30 F.3d 1047
UNITED STATES of America, Plaintiff-Appellee,
Oscar Ruiz SIFUENTEZ, Defendant-Appellant.
United States Court of Appeals,
Argued and Submitted May 4, 1994.
Memorandum June 30, 1994.
Order and Opinion July 26, 1994.
Stephen R. Sady, Asst. Federal Public Defender, Portland, OR, for defendant-appellant.
Stephen F. Peifer, Asst. U.S. Atty., Portland, OR, for plaintiff-appellee.
Appeal from the United States District Court for the District of Oregon.
Before: ALARCON, NORRIS, and LEAVY, Circuit Judges.
The memorandum disposition filed June 30, 1994, is redesignated as an authored opinion by Judge Norris.
NORRIS, Circuit Judge:
Oscar Ruiz Sifuentez challenges the district court's reliance, in part, on an addendum to the presentence report in which the probation officer responded to various grounds for downward departure put forth by Sifuentez.1 Sifuentez claims the following language in the presentence report's addendum constitutes impermissible recommendations and advocacy regarding departures in violation of Fed.R.Crim.P. 32(c), principles of separation of powers, and due process:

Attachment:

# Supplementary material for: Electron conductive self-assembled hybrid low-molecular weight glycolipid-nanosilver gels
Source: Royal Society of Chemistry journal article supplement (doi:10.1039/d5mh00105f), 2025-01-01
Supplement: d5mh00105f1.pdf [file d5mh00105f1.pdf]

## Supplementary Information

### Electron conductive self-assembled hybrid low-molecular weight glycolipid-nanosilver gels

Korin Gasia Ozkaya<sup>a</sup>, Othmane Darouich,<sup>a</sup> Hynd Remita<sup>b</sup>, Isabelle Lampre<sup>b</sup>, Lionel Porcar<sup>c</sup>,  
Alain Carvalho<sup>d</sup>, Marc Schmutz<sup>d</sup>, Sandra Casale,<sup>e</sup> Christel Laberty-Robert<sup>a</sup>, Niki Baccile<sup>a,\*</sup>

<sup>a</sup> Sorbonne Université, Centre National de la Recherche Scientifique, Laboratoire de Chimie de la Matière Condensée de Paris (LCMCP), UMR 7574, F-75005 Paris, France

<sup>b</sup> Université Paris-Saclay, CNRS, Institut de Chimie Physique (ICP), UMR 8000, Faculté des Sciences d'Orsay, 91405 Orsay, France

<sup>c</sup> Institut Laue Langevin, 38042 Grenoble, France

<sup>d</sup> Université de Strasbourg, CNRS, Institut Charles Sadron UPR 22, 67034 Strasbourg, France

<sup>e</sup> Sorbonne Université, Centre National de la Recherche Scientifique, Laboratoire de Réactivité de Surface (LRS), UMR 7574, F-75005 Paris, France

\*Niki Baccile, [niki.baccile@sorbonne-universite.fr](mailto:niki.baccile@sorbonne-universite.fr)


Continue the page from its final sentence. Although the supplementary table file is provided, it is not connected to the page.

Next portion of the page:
We continue to believe that there are no factors that warrant a downward departure. The administrative punishment imposed by the Bureau of Prisons is separate and distinct from the District Court's control. It is defense counsel's position that defendant's actual conduct, possession of half a gram of heroin, implicates a substantially lesser harm, pursuant to 5K2.11. We disagree. Defendant's count of conviction ... reveals that defendant possessed drugs while in prison. It is our opinion that defendant's possession of drugs in prison jeopardized the safety and security of the institutional staff and inmates. Further, Guidelines 5G1.3 and 18 USC 1791 reflect the seriousness of this offense, requiring that a sentence of imprisonment run consecutive to any other sentence. Counsel is correct that defendant provided authorities the name of his supplier and readily admitted his involvement in the instant offense. His cooperation has already been taken into consideration with respect to the two level acceptance of responsibility.
Defense counsel also contends that the mandatory sentence of 120 months for [defendant's] prior felony conviction is a factor strongly supporting a downward departure. We disagree. This sentence should have been a deterrence for [defendant] preventing further criminal activity. However, this does not appear to be the case as [defendant] continued to engage in criminal drug activity.
This is an issue for which the Court must make a finding of fact. SER at 12-13 (emphasis added).